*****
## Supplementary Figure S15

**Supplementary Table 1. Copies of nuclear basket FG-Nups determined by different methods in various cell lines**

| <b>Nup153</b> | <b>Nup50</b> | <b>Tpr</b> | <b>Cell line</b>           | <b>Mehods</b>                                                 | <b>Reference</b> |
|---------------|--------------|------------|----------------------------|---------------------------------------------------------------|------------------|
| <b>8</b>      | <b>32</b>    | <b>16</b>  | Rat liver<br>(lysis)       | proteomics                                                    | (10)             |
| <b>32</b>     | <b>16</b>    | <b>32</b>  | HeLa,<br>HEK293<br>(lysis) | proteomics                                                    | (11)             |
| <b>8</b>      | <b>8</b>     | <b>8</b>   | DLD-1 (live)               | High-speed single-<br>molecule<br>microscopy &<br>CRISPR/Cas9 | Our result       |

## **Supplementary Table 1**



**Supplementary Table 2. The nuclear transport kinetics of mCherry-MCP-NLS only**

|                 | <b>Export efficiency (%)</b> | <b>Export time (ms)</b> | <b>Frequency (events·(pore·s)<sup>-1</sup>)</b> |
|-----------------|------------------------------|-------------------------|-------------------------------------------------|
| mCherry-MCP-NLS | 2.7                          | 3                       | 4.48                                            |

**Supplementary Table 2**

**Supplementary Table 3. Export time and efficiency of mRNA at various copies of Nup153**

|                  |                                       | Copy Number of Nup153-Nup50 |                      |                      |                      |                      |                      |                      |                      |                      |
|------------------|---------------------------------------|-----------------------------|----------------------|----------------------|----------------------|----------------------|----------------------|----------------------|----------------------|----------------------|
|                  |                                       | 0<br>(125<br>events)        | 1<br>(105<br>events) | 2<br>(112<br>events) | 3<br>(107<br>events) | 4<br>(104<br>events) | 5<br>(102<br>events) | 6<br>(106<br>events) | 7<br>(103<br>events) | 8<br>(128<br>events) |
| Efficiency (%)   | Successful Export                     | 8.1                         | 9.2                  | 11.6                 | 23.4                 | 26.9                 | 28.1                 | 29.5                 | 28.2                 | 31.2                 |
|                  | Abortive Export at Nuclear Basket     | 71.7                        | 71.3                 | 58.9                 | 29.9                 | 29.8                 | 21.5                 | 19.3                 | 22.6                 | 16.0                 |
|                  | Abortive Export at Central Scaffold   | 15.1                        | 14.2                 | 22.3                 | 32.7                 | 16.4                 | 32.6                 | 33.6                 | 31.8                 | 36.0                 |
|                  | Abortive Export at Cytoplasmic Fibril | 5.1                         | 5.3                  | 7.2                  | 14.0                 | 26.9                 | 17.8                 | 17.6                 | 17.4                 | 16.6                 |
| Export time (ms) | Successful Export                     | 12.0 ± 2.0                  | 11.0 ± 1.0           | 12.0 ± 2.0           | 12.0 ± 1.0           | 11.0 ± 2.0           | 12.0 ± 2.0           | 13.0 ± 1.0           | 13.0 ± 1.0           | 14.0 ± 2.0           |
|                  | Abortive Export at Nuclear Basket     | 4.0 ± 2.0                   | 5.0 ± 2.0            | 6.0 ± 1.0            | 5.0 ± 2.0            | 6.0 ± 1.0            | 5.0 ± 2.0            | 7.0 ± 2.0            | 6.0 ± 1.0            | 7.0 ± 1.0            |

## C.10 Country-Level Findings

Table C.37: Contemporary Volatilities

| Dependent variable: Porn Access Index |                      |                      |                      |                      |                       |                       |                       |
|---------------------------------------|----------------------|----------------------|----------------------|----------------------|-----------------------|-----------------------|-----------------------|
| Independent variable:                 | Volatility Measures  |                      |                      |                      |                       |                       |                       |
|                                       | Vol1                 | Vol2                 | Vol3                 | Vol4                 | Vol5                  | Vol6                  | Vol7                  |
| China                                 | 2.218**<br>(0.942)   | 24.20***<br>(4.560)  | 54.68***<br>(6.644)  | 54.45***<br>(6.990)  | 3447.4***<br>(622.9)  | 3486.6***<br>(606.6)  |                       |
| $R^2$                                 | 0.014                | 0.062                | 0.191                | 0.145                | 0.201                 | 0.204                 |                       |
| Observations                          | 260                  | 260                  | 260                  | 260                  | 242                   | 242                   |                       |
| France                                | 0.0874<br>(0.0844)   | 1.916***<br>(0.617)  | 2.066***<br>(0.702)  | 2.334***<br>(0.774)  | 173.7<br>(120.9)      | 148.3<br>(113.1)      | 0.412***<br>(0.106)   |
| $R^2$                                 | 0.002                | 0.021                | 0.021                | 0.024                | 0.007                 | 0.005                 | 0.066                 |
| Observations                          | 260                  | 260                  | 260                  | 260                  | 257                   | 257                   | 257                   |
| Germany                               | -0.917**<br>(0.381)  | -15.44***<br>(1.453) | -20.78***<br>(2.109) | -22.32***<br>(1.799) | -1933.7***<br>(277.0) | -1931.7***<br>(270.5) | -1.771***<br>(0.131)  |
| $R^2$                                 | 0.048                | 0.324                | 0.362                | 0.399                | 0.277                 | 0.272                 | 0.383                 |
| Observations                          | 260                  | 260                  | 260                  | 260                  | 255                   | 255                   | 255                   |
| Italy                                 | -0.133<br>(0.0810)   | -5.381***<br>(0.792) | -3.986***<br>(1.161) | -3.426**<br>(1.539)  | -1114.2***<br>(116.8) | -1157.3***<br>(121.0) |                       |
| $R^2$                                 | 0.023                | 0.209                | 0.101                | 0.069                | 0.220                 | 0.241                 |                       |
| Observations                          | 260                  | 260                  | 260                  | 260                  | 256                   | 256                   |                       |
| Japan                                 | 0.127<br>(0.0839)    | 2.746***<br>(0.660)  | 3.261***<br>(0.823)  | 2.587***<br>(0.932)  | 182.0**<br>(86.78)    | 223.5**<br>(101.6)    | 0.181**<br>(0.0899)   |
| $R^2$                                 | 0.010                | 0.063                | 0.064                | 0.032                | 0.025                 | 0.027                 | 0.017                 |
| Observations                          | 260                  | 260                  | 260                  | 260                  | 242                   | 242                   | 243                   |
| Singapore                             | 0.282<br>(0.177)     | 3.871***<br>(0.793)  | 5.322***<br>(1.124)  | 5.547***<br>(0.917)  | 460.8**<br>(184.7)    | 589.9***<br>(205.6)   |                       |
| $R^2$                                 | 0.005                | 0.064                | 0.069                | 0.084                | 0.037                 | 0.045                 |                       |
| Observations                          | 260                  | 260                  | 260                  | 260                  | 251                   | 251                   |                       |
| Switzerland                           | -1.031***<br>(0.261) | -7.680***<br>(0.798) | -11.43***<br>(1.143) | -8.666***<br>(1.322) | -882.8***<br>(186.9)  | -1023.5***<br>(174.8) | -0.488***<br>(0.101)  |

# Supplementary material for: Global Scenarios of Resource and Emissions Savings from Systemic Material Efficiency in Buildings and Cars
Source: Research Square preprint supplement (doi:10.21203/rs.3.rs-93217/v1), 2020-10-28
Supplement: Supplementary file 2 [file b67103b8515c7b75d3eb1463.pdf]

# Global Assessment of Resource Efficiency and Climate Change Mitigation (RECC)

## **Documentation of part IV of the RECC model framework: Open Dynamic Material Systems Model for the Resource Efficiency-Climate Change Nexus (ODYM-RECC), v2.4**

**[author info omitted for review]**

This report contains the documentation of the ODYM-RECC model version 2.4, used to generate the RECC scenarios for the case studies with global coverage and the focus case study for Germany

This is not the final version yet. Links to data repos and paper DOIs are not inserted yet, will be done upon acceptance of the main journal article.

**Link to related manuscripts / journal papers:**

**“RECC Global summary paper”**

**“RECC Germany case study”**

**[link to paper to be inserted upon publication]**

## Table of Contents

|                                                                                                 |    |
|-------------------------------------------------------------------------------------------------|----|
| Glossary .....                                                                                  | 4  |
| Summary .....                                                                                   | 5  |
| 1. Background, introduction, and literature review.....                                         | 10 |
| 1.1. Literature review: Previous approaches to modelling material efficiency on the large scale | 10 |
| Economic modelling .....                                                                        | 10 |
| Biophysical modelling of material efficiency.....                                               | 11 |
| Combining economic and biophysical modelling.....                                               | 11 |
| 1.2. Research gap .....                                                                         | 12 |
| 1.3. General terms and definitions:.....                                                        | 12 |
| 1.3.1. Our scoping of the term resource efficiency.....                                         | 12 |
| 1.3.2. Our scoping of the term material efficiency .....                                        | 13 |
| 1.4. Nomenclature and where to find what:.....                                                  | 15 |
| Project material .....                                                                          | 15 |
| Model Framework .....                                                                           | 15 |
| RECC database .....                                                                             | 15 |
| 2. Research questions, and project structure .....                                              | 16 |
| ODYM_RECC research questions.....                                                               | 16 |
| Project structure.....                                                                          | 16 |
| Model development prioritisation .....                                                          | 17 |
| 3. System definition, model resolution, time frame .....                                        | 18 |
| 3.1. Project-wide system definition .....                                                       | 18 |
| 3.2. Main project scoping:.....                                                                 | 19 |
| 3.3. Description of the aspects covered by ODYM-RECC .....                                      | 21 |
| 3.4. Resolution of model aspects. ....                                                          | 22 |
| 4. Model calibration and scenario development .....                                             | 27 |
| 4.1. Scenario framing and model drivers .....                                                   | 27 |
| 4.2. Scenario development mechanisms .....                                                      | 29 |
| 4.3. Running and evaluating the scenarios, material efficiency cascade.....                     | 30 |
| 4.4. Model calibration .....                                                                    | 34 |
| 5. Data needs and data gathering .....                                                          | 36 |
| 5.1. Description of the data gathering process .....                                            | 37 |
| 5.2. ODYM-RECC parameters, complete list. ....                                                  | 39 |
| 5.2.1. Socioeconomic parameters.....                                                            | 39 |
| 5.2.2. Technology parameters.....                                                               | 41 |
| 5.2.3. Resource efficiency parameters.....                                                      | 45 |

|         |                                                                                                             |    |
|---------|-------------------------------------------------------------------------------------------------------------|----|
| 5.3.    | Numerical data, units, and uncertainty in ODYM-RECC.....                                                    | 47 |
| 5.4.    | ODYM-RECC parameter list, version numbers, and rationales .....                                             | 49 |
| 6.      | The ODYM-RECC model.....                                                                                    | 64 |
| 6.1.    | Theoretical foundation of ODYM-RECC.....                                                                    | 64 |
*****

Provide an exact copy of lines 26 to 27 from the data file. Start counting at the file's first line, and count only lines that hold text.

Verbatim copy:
| Dependent variable: Porn Access Index |                      |                      |                      |                      |                       |                       |                       |
|---------------------------------------|----------------------|----------------------|----------------------|----------------------|-----------------------|-----------------------|-----------------------|